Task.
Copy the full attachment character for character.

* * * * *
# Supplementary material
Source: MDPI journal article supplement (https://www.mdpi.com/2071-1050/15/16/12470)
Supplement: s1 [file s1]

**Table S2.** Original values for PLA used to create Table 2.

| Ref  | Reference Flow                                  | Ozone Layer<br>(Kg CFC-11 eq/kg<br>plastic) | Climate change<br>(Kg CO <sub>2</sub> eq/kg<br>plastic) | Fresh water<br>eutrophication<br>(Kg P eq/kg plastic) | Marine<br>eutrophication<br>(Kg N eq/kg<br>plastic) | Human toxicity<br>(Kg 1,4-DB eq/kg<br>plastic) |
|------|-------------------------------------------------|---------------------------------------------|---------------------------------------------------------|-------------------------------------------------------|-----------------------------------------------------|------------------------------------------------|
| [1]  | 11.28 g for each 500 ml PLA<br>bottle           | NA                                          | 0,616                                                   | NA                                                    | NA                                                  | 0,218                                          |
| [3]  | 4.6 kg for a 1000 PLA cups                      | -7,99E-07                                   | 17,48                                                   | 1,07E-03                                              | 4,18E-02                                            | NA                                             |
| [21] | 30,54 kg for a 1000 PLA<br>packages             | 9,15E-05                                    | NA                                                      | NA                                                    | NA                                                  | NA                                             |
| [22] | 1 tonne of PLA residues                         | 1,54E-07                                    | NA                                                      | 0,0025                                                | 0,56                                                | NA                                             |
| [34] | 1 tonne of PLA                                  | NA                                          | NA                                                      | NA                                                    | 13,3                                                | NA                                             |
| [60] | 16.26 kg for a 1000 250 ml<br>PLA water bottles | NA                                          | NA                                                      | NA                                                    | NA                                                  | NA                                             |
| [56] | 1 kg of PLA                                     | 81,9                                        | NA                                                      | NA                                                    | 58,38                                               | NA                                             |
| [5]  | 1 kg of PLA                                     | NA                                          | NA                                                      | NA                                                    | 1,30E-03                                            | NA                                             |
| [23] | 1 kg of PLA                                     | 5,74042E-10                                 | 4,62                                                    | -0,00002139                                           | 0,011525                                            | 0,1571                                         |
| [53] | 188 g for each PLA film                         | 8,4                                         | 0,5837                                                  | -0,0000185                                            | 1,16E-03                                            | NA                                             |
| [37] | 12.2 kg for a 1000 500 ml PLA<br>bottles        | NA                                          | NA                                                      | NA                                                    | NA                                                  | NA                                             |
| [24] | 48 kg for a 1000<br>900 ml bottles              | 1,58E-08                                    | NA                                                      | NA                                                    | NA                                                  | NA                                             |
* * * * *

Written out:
# Supplementary material
Source: MDPI journal article supplement (https://www.mdpi.com/2071-1050/15/16/12470)
Supplement: s1 [file s1]

**Table S2.** Original values for PLA used to create Table 2.

| Ref  | Reference Flow                                  | Ozone Layer<br>(Kg CFC-11 eq/kg<br>plastic) | Climate change<br>(Kg CO <sub>2</sub> eq/kg<br>plastic) | Fresh water<br>eutrophication<br>(Kg P eq/kg plastic) | Marine<br>eutrophication<br>(Kg N eq/kg<br>plastic) | Human toxicity<br>(Kg 1,4-DB eq/kg<br>plastic) |
|------|-------------------------------------------------|---------------------------------------------|---------------------------------------------------------|-------------------------------------------------------|-----------------------------------------------------|------------------------------------------------|
| [1]  | 11.28 g for each 500 ml PLA<br>bottle           | NA                                          | 0,616                                                   | NA                                                    | NA                                                  | 0,218                                          |
| [3]  | 4.6 kg for a 1000 PLA cups                      | -7,99E-07                                   | 17,48                                                   | 1,07E-03                                              | 4,18E-02                                            | NA                                             |
| [21] | 30,54 kg for a 1000 PLA<br>packages             | 9,15E-05                                    | NA                                                      | NA                                                    | NA                                                  | NA                                             |
| [22] | 1 tonne of PLA residues                         | 1,54E-07                                    | NA                                                      | 0,0025                                                | 0,56                                                | NA                                             |
| [34] | 1 tonne of PLA                                  | NA                                          | NA                                                      | NA                                                    | 13,3                                                | NA                                             |
| [60] | 16.26 kg for a 1000 250 ml<br>PLA water bottles | NA                                          | NA                                                      | NA                                                    | NA                                                  | NA                                             |
| [56] | 1 kg of PLA                                     | 81,9                                        | NA                                                      | NA                                                    | 58,38                                               | NA                                             |
| [5]  | 1 kg of PLA                                     | NA                                          | NA                                                      | NA                                                    | 1,30E-03                                            | NA                                             |
| [23] | 1 kg of PLA                                     | 5,74042E-10                                 | 4,62                                                    | -0,00002139                                           | 0,011525                                            | 0,1571                                         |
| [53] | 188 g for each PLA film                         | 8,4                                         | 0,5837                                                  | -0,0000185                                            | 1,16E-03                                            | NA                                             |
| [37] | 12.2 kg for a 1000 500 ml PLA<br>bottles        | NA                                          | NA                                                      | NA                                                    | NA                                                  | NA                                             |
| [24] | 48 kg for a 1000<br>900 ml bottles              | 1,58E-08                                    | NA                                                      | NA                                                    | NA                                                  | NA                                             |